In 2008, Adaro paid US$33m to settle a dispute with Indonesian tax authorities over its previous arrangements with Coaltrade(4).
The vast majority(5) of the profits registered in Singapore appear to have been moved further offshore to one of Adaro’s subsidiaries in the tax haven of Mauritius, where it was not subject to any tax at all before 2017, and may still not be(6).
The report also found that Adaro has recently acquired a subsidiary in the Malaysian tax haven of Labuan which it has used to purchase a large share in an Australian coal mine.
At the same time Adaro has expanded its offshore network, it stands to benefit from the Indonesian government’s financial guarantees for the US$4 billion Batang coal-fired power plant, in which Adaro is a joint venture partner(7).
Global Witness is calling on the Indonesian government to withdraw its plans for all new coal power stations and plan to transition to renewable energy. The NGO also urges investors to heed the reputational and financial risks connected to the industry and plan to end their financial support to Adaro and other coal companies.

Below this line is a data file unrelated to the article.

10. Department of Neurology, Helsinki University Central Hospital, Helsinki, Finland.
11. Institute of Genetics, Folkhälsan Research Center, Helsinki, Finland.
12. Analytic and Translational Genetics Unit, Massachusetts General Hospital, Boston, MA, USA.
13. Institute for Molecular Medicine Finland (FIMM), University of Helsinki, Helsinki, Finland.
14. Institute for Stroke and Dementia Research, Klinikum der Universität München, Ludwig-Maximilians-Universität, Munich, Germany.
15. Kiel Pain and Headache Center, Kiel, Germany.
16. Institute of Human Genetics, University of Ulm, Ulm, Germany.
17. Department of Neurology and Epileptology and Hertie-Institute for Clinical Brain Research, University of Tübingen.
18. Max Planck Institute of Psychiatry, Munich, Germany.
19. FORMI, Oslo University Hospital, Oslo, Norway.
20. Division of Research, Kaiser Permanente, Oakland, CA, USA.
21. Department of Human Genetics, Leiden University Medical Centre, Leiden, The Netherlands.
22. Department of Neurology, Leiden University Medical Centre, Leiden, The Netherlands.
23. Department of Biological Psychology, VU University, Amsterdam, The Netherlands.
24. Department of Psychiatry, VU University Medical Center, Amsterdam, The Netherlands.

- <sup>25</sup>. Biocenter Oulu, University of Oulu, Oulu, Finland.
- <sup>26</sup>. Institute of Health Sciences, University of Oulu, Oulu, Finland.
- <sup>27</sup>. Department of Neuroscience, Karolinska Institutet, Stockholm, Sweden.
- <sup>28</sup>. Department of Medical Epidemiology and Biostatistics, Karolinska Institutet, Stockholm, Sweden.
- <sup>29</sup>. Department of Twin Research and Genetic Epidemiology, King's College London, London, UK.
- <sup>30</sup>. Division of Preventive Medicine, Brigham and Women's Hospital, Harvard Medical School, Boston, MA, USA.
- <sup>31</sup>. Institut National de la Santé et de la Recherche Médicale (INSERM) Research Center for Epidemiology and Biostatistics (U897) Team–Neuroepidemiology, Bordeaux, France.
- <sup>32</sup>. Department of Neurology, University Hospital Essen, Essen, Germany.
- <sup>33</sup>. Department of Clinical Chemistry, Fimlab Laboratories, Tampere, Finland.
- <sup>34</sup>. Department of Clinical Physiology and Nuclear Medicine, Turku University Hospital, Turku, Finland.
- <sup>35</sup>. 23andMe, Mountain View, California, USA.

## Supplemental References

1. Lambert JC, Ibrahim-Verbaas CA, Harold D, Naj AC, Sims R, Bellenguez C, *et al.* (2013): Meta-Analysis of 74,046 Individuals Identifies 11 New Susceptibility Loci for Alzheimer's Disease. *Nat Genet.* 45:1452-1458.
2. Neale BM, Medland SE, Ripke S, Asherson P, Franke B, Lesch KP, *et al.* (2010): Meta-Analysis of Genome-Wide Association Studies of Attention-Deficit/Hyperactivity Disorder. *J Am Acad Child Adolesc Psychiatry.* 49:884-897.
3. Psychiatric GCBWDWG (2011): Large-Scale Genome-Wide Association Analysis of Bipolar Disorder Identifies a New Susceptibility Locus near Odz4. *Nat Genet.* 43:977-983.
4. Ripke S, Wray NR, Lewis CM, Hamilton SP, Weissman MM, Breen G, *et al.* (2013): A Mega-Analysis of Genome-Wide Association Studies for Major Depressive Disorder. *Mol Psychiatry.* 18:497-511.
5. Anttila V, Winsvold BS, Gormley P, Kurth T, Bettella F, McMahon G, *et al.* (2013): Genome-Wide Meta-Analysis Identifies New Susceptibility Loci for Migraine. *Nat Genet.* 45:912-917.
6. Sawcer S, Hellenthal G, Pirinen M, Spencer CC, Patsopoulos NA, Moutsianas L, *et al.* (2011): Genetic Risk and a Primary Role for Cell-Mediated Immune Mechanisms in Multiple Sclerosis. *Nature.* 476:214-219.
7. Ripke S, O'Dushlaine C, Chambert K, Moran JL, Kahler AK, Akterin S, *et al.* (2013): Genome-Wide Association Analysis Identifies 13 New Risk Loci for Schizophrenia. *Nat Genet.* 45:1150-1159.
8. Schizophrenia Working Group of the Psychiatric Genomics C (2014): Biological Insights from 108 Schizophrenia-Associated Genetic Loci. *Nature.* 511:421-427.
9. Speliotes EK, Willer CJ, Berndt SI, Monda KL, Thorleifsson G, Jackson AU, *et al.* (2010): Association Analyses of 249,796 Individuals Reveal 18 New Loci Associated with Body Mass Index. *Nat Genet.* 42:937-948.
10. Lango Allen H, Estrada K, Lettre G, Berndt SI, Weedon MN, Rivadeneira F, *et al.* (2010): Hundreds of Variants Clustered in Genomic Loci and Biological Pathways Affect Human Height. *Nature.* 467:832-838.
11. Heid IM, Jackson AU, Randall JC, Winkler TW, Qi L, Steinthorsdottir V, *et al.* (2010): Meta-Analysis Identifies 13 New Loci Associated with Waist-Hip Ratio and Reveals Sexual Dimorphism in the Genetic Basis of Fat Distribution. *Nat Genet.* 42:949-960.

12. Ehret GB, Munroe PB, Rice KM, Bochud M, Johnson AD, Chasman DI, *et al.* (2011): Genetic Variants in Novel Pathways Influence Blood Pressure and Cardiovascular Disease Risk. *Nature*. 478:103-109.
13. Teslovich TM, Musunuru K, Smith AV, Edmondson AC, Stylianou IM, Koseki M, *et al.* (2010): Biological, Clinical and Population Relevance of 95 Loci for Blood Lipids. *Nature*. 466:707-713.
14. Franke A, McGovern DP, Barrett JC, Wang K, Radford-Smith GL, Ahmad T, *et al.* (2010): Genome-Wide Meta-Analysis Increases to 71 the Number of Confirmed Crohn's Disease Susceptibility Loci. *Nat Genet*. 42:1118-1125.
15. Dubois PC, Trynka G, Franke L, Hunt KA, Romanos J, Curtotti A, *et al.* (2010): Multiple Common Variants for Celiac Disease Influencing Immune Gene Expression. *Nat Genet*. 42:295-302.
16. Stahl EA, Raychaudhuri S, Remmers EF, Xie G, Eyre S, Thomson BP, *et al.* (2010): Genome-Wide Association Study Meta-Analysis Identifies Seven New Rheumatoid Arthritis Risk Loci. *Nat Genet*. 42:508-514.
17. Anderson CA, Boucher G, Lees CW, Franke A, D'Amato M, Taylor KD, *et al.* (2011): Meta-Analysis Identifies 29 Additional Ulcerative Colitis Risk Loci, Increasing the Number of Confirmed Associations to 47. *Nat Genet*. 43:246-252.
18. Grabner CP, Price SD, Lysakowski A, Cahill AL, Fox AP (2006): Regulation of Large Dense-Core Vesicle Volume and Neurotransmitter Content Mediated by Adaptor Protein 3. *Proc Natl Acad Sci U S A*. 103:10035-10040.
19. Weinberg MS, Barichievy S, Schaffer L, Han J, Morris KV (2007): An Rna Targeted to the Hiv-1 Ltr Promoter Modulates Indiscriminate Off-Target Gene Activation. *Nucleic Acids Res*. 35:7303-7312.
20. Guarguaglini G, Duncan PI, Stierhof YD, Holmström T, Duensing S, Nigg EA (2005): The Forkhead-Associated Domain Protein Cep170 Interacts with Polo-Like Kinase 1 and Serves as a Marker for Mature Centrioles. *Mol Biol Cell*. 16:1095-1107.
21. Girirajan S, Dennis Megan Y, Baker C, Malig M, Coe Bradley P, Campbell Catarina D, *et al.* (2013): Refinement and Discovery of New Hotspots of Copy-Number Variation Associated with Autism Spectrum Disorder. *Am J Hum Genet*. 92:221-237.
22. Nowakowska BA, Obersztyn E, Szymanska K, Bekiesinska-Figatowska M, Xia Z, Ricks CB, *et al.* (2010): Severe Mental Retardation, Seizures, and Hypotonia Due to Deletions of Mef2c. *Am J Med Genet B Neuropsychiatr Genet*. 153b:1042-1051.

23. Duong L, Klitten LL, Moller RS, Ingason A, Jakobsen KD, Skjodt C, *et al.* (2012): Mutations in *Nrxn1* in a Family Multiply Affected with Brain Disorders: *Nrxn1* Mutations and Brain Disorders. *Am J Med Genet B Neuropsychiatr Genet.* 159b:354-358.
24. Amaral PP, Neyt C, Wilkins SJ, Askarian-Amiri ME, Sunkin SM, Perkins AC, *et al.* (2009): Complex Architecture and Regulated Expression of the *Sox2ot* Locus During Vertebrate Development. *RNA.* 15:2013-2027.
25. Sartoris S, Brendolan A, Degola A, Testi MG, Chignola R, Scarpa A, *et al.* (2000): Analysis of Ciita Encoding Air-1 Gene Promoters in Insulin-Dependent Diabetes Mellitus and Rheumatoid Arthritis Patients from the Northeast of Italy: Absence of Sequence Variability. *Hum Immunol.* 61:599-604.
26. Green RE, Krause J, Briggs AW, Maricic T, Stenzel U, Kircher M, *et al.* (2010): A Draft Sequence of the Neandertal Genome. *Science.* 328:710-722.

- Coaltrade’s financial statements show that it paid a total of US$42.2 million in tax in Singapore between 2009 and 2017 (inclusive) on pre-tax profits of US$416.8 million, at an annual average tax rate of 10.7 per cent. This profit included sales and marketing of coal mainly for Adaro’s Indonesian subsidiaries, as well as third parties. Global Witness has calculated how much tax might potentially have been payable in Indonesia on Coaltrade’s approximate profit from sales and marketing of coal from Adaro’s Indonesian subsidiaries, at the average annual rate of tax paid by Adaro on profits in Indonesia over the same period, which was 50.8 per cent. 2017 is the most recent year for which Coaltrade financial statements were available, at the time the report was written.
- Adaro’s Indonesian subsidiaries had been selling coal to Coaltrade at a low price. Coaltrade then sold the coal on at the higher market price, and booked the profit in low-tax Singapore, rather than higher-tax Indonesia.